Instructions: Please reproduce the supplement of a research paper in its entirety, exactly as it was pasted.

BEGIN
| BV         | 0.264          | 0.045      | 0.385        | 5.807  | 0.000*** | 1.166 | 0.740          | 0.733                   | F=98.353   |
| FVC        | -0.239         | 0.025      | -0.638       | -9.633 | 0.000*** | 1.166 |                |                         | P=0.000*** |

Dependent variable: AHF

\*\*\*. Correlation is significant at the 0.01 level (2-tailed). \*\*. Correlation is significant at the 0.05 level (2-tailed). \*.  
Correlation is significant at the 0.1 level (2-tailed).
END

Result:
| BV         | 0.264          | 0.045      | 0.385        | 5.807  | 0.000*** | 1.166 | 0.740          | 0.733                   | F=98.353   |
| FVC        | -0.239         | 0.025      | -0.638       | -9.633 | 0.000*** | 1.166 |                |                         | P=0.000*** |

Dependent variable: AHF

\*\*\*. Correlation is significant at the 0.01 level (2-tailed). \*\*. Correlation is significant at the 0.05 level (2-tailed). \*.  
Correlation is significant at the 0.1 level (2-tailed).